Thanks a lot for the Makiatto offer. I’m away at the minute, be back on late Sept. Let’s keep it on hold till then. Endatresaw kal gebtehal. Lol


      • Bilal Yassin

        These are the people who lived a very peaceful luxurious life living,working,trading schooling you name enjoying what Ethiopia has to offer them and fully benefited then all of a sudden a group of immature Students fooled by the Arabs started a movement for independence …over 50 years that place never had peace since … Millions died migrated,lost there belongings in Ethiopia, lost there respect , there dignity …. Now blame Ethiopia for the mess there infidel people created ….Ethiopia gave what ever she can to protect and keep you from your miserable journey …. Now still the misery continues unless you stopped blaming Ethiopia and take responsibility for your own stupid action … But they all are the same … Arrogant , greedy, racist ,impecunious !!!

  • Ismail AA

    Selam all,
    First, decency calls to first commend the reviewer, Semere HT. The task of reviewing someone’s work is demanding in terms of time and mental exercise to read and digest the material and reach conclusion of sharing judgement with readers. The operation entails responsibility, neutrality and credibility since it is an invitation of people to procure and read the work.
    A book authored by Herui could of course ignite an urge to access his views from perspective of his background, role player in political developments as well as a man who is informed about his own father’s and contemporaries’ roles.
    One can only hopes that as an author of a book covering crucial developments that shaped the political history of our nation, he did not lose sight of focusing on informing posterity rather been swayed by narrow perspectives. In other words, it is my hope that he had not been curtailed by urges such as his aunt’s wish to write the history of his fathers, as the interviewer told us.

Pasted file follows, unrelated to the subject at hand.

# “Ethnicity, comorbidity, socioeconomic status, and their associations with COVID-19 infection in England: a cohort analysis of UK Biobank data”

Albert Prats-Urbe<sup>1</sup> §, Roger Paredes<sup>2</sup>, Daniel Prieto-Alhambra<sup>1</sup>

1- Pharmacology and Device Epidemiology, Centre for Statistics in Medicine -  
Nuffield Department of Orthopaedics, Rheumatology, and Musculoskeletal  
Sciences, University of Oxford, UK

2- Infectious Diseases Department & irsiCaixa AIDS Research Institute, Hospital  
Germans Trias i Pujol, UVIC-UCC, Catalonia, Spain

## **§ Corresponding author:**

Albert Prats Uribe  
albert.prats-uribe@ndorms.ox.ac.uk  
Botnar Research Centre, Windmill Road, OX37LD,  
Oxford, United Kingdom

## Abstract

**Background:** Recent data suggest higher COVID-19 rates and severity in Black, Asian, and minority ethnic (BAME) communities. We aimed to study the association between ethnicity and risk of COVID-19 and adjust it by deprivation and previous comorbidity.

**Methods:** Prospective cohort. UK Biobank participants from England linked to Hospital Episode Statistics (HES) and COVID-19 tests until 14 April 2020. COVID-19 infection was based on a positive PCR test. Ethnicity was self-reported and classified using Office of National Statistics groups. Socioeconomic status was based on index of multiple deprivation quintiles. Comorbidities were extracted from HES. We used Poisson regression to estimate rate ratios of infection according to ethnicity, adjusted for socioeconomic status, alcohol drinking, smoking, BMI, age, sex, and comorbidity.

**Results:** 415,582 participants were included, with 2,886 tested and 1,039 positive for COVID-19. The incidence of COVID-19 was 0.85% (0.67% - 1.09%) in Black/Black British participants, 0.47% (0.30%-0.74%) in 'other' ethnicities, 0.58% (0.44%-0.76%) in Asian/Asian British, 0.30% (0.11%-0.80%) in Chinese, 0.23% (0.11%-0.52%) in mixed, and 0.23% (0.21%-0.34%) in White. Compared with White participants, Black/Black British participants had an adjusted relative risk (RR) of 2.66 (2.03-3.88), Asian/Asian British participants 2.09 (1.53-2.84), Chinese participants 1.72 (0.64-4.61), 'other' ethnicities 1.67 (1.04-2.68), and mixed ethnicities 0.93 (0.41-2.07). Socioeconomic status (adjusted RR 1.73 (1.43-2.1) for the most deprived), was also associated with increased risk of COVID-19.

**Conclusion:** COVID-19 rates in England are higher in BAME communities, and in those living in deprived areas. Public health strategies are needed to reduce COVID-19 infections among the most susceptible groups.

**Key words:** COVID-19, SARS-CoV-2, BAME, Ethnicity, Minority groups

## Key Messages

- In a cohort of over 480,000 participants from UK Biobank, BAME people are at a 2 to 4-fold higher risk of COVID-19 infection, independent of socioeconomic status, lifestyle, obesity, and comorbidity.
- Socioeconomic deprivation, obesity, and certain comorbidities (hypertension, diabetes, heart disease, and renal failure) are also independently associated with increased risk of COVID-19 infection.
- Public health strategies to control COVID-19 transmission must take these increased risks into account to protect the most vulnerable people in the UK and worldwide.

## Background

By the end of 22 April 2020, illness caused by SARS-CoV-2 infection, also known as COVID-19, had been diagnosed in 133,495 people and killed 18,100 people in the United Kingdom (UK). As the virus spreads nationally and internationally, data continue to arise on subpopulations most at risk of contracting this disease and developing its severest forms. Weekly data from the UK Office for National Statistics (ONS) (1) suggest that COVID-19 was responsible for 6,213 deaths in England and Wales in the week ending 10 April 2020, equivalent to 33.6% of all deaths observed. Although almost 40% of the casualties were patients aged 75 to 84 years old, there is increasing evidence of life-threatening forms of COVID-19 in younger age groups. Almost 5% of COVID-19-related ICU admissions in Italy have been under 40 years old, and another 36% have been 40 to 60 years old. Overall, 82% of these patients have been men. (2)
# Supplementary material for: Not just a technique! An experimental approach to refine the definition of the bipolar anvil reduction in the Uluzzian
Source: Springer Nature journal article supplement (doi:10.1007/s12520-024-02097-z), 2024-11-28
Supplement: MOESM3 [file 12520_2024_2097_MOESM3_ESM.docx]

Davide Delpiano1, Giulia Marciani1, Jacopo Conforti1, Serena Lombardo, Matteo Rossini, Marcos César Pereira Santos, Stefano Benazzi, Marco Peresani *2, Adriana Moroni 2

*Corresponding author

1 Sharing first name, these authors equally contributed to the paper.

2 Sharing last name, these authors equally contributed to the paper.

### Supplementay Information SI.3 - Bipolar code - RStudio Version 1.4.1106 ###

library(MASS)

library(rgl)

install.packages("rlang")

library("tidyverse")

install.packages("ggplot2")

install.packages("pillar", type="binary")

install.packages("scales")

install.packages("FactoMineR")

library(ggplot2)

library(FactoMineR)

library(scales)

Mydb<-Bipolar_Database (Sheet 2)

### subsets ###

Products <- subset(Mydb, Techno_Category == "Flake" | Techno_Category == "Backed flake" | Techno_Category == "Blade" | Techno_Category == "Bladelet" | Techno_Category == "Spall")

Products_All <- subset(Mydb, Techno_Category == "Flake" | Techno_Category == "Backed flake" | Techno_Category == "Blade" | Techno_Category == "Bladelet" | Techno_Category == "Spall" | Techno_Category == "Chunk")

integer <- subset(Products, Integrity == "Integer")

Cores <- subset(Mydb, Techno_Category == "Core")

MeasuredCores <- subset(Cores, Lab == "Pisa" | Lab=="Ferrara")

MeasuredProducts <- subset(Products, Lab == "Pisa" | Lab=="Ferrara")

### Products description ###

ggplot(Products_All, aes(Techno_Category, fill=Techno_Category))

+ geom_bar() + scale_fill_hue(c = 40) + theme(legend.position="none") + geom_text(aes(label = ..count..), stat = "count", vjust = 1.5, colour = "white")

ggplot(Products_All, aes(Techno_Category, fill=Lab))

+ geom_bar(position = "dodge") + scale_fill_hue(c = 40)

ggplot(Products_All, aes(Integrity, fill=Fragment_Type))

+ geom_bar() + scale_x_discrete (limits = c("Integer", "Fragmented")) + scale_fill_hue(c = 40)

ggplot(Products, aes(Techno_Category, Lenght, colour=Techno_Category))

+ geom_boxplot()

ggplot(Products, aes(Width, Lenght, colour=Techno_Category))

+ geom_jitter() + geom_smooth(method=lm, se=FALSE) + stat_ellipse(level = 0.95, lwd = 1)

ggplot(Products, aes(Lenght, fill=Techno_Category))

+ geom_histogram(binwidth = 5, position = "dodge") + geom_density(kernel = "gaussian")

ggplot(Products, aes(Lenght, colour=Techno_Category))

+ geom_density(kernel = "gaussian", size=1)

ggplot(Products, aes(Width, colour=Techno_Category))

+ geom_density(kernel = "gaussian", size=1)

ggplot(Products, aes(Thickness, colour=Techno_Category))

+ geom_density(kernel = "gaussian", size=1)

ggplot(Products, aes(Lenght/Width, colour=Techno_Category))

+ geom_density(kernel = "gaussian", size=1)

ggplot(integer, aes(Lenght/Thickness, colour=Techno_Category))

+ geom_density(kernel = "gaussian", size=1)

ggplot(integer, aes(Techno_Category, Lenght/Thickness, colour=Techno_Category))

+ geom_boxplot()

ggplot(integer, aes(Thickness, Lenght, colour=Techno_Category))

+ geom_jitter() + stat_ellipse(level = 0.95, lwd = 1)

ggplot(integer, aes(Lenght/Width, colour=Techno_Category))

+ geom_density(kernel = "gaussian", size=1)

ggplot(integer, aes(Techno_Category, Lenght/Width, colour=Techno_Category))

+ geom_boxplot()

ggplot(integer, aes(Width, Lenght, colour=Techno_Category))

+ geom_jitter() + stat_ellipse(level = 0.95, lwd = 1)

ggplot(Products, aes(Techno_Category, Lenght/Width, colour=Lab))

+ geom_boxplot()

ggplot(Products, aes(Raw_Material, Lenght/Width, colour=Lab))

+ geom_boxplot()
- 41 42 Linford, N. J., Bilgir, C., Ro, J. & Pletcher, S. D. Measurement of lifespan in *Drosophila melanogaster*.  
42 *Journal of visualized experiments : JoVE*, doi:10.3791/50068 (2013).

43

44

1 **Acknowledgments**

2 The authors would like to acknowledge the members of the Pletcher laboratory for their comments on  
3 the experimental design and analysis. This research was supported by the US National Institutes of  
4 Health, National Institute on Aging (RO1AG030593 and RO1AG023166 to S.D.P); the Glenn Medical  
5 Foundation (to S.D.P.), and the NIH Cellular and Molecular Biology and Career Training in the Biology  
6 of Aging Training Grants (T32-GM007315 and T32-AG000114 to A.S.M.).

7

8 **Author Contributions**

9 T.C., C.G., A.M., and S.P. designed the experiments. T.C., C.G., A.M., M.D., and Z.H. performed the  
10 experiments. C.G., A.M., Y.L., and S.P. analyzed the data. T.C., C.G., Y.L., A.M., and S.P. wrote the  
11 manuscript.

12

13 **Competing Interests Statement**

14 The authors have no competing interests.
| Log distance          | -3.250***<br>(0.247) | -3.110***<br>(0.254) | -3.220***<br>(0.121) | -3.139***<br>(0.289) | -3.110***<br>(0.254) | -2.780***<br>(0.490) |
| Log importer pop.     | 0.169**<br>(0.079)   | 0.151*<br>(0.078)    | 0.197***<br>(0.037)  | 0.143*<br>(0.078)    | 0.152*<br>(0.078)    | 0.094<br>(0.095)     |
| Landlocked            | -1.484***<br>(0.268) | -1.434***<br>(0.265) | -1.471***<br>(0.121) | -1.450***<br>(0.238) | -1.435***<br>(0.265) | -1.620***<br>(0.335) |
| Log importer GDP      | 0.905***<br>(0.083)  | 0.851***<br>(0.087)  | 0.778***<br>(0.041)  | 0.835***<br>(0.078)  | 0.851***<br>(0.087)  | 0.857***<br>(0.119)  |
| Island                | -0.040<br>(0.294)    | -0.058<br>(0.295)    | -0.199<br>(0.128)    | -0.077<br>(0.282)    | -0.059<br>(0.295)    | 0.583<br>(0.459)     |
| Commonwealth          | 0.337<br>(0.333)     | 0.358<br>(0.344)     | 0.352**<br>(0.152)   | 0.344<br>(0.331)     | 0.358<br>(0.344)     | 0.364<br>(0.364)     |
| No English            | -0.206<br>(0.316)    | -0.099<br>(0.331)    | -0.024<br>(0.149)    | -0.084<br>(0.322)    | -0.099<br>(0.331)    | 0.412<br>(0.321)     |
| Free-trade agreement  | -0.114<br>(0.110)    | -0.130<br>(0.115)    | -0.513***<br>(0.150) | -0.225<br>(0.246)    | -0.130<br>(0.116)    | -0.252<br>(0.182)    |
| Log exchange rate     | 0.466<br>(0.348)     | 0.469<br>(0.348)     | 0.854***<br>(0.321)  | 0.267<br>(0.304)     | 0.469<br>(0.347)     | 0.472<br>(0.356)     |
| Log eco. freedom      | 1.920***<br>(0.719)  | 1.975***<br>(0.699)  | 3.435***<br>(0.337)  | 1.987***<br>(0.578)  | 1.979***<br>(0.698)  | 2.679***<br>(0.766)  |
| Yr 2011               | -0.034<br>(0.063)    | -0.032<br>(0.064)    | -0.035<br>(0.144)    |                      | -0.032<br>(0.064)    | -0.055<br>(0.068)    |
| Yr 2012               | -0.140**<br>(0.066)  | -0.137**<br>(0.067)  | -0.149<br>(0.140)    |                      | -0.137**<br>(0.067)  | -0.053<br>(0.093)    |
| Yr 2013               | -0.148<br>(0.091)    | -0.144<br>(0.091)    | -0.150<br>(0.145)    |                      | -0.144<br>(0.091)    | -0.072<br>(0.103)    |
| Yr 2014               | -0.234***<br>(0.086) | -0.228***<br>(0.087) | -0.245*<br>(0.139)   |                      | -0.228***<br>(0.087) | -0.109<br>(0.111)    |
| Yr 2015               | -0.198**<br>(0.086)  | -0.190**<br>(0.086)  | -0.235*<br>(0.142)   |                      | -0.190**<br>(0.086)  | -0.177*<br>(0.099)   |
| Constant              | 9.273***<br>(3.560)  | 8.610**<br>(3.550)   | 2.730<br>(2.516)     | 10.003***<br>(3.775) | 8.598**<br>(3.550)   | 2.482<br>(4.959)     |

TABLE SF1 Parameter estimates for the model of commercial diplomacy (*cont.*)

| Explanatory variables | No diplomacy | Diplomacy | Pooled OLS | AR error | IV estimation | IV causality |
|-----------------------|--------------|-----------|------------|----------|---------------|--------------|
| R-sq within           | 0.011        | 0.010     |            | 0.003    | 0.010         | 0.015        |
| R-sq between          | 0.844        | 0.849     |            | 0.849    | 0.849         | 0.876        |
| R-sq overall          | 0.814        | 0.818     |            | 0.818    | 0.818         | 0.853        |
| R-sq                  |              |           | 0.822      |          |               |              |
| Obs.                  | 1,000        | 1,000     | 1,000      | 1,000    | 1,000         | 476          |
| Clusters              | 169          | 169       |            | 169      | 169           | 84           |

Having said, one can only make tentative comments since I did not have chance to read the book. Thus, it fair to pick only a few things the interviewer has mentioned because these could perhaps trigger heated debate. For instance, the issue of irredentism of pre- 1958 can raise questions whether Herui has merely looked at the events from the angle of the predominantly highland elite of the time that were involved in the MFH. Moreover, it is to be seen from the book and evidences provided whether the movement was really independent, and Ethiopia had nothing to do with it. How do we understand the link of the church and the personalities who remained in Eritrea and emerged as influential role players? The rationale given for Ethiopia’s non-involvement with the MFH is that it was itself under British domination, and I have not read or heard yet that Ethiopia had ever fallen under British protection.
    Another point that drew my attention was that the British saw the MFH as the Congress Party of India, and they conspired to create the Moslem League as antidote. How could the British create a movement whose socio-demographic base would surely negate the irredentist’s interest of MFH and its goal of associating with Ethiopia? Moreover, the assertion that the Moslem League and its partners (LPP) were in pay of foreign powers while the MFH was not is very controversial. One would love to see the evidence.
    Ismail AA

    • AOsman

      Dear Ismail AA,

      I remember reading on the quick political maneuvering of the King that secured his control of Ethiopia after exile (otherwise the British could not be trusted), the point that “in 1941 Ethiopia was a British protectorate—hardly in a position to influence the foundation of MFG.” did make me wonder, checking one book on that period, the following is what I get: